As a director, Anderson does a sensational job of assembling his story, He starts small - closed in caves and small ranch shacks. Before long, we see Plainview literally traversing the distance between his claim and the Pacific Ocean. Every so often, the plot throws our emblematic anti-hero an issue (complex son, long lost brother, obstructionist land owner) and we watch as our auteur devises interesting and insightful ways of having Plainview overcome them. By the end, he’s so indestructible, so completely devoid of inherent human kindness that a chance for reconciliation and redemption are avoided for one last game of one-upmanship. Within a design centered more on individuals than ideas, it’s amazing how deep Anderson manages to get. Add in the stellar look and texture of the film and you’ve got one mesmerizing masterpiece.

In fact, the funny thing about There Will Be Blood is that it has the kind of narrative resonance that drives a wedge into your subconscious. As you sit around, days…even months later, your mind wanders back to certain symbolic items: the burning oil rig; Plainview passed out on the floor; Eli’s ethereal services; the last line of dialogue - “I’m finished”. It all gels into the kind of monumental motion picture experience the artform has been missing for far too long. If this movie is ignored come awards time, it will merely be another sign of its lasting classicism. True cinematic greatness eventually gains critical consensus. For Anderson, Day-Lewis, and Blood, the time is clearly now.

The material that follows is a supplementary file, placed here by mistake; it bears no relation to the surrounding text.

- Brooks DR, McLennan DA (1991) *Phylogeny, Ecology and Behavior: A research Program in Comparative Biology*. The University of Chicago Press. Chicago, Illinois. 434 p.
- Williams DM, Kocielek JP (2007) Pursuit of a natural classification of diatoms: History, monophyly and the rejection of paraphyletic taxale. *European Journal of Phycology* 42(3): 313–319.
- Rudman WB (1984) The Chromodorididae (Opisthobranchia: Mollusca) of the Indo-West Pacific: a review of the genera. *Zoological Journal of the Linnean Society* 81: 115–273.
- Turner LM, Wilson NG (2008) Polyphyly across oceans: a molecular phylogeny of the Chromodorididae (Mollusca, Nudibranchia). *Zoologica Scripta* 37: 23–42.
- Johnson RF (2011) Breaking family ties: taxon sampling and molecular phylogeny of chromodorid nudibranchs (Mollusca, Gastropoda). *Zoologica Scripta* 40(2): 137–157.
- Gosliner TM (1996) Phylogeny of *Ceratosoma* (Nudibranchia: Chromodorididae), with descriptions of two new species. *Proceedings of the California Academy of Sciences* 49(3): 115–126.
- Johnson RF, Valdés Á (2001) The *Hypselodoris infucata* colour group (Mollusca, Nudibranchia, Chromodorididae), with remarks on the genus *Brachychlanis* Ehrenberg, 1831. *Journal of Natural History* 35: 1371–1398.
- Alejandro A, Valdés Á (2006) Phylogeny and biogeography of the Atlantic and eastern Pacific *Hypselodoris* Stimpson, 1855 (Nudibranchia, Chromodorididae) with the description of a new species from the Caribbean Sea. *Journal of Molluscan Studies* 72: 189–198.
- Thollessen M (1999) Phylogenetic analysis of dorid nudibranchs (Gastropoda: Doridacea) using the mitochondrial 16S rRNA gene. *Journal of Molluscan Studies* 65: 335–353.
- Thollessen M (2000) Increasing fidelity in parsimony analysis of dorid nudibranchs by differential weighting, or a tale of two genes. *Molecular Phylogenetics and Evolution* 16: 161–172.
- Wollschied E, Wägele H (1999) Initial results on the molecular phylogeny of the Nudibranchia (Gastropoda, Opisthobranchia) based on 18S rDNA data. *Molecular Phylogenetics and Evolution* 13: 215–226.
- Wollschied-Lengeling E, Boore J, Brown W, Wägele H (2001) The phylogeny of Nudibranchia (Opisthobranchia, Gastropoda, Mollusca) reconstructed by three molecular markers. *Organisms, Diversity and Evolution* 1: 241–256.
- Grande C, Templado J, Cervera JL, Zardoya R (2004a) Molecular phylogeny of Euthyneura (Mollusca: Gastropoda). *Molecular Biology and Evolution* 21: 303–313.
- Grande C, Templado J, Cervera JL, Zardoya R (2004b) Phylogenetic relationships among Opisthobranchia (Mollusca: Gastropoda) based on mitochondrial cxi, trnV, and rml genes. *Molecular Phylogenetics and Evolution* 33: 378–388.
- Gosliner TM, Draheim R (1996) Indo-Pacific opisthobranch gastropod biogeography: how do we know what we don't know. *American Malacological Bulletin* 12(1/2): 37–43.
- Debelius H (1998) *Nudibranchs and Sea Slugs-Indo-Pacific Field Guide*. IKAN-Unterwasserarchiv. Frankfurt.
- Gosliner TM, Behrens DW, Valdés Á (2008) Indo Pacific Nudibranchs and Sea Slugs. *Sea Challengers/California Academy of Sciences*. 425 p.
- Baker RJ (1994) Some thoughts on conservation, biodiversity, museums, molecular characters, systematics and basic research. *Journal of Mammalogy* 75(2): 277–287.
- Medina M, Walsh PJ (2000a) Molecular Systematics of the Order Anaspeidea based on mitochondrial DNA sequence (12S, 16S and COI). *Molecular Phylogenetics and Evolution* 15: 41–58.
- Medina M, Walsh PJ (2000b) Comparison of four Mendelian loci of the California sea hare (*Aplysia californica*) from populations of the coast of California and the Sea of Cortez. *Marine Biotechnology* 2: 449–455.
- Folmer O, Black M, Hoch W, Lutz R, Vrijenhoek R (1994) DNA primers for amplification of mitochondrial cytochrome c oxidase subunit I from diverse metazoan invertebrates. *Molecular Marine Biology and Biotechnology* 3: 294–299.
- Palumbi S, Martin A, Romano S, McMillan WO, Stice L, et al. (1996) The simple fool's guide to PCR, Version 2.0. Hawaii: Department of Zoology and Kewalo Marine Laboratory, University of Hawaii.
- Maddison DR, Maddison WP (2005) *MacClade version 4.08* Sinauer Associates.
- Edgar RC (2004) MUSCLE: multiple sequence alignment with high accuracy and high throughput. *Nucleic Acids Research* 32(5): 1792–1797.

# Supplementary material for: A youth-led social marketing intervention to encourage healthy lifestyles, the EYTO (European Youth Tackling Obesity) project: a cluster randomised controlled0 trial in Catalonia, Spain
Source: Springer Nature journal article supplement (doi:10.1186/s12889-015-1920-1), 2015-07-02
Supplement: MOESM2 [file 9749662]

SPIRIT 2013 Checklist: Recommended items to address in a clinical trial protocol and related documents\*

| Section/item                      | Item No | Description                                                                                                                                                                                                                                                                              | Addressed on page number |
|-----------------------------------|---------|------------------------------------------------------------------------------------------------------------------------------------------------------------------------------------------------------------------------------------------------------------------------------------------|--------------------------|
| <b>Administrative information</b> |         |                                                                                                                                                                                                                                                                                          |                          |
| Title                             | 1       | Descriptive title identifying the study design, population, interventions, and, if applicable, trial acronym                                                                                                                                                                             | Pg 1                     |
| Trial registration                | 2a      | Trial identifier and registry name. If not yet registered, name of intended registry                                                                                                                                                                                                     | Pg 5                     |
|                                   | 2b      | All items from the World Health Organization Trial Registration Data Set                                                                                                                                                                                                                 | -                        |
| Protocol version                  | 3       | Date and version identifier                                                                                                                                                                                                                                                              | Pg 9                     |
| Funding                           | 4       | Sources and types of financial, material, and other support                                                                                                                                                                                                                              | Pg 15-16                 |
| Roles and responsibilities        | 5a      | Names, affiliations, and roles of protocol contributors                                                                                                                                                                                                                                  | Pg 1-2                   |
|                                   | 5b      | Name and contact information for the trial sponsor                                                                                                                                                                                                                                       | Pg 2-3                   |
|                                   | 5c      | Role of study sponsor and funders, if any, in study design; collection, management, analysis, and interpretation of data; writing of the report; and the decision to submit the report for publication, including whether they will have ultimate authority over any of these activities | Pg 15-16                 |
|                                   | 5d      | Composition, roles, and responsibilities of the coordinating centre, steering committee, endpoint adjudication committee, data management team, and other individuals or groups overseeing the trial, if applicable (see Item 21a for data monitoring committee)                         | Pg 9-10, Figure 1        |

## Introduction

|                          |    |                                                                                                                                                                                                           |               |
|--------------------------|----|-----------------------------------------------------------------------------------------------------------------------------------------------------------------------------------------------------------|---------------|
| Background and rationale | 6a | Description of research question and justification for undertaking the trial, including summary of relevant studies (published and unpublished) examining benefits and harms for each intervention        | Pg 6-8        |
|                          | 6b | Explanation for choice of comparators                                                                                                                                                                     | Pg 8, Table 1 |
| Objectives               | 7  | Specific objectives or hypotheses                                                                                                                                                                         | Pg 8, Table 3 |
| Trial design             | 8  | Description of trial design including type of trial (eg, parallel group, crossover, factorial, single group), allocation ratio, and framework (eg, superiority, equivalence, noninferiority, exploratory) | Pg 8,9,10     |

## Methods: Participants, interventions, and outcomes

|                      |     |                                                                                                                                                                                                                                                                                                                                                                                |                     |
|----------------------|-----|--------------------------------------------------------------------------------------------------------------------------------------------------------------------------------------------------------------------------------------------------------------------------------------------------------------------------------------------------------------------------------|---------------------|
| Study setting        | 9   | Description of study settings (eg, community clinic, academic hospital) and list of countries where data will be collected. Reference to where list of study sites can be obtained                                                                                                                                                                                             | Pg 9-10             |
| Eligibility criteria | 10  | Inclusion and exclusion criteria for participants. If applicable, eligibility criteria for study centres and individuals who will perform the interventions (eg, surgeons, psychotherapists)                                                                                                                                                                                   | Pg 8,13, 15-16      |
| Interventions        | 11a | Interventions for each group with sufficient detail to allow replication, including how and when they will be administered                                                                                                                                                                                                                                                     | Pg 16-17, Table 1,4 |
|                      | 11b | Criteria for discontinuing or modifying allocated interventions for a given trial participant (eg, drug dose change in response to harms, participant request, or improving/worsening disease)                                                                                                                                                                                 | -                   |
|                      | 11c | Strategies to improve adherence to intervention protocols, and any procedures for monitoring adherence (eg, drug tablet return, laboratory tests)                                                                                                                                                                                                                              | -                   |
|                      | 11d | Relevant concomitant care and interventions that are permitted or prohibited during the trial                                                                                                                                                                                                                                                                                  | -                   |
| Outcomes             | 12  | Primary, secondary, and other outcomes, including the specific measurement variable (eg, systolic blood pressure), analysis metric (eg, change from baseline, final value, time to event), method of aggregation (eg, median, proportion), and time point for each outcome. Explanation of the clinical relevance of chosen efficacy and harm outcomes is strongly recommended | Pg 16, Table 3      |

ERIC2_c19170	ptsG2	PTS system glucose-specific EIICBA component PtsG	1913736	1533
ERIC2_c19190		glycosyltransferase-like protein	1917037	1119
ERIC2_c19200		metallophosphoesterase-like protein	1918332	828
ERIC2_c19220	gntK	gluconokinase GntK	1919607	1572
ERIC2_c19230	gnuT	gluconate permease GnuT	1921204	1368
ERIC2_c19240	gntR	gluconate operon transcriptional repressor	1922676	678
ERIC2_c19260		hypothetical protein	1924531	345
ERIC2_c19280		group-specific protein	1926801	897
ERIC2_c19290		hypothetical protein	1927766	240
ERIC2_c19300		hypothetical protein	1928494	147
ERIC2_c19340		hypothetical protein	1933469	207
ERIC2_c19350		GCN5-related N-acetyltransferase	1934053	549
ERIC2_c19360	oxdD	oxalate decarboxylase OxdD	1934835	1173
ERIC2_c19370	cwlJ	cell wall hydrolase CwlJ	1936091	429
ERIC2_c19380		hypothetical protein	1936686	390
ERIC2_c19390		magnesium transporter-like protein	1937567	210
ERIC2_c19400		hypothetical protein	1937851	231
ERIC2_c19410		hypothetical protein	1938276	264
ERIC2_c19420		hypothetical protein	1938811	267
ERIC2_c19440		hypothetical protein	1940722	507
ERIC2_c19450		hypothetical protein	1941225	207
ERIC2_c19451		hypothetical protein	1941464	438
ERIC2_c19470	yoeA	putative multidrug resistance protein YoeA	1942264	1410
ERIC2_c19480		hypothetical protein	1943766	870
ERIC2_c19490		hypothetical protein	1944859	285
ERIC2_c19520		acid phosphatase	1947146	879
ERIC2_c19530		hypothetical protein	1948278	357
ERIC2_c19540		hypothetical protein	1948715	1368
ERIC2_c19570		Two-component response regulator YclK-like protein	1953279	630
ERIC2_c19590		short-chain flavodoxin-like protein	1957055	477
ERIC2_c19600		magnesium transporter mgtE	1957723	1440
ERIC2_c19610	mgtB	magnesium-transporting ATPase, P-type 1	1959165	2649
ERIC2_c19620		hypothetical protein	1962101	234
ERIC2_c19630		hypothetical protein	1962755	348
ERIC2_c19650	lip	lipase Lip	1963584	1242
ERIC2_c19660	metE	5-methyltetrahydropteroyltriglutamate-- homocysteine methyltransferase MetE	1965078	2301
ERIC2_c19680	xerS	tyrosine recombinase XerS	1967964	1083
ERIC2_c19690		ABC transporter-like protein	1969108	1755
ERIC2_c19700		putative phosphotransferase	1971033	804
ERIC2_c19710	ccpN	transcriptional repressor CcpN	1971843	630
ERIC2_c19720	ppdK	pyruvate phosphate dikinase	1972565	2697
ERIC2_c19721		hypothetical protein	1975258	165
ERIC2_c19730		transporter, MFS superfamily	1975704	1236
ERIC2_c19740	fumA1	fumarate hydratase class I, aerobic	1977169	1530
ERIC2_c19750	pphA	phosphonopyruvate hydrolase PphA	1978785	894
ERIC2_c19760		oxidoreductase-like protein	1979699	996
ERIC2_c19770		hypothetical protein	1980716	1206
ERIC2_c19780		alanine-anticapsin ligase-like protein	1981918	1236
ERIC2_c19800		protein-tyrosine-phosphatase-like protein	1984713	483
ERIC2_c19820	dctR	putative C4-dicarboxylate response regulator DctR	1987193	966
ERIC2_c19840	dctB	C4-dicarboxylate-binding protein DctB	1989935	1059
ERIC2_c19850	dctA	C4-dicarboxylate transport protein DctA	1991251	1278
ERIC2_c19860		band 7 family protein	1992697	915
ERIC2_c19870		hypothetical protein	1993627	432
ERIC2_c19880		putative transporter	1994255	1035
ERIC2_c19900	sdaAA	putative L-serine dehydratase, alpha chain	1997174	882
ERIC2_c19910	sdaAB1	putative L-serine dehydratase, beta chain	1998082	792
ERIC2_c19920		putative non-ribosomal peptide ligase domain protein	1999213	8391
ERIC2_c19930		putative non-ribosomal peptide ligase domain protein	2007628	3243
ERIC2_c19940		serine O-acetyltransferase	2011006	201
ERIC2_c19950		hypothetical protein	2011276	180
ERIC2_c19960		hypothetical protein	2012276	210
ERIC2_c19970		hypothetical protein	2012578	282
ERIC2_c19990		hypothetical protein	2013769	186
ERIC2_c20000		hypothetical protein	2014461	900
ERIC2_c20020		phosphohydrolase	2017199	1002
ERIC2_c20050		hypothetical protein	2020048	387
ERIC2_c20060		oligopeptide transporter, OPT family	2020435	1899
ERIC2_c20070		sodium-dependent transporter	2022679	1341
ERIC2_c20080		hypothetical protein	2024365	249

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Double Take: 'The French Connection' (1971)

// Short Ends and Leader

"You pick your feet in Poughkeepsie, and we pick The French Connection for Double Take #18.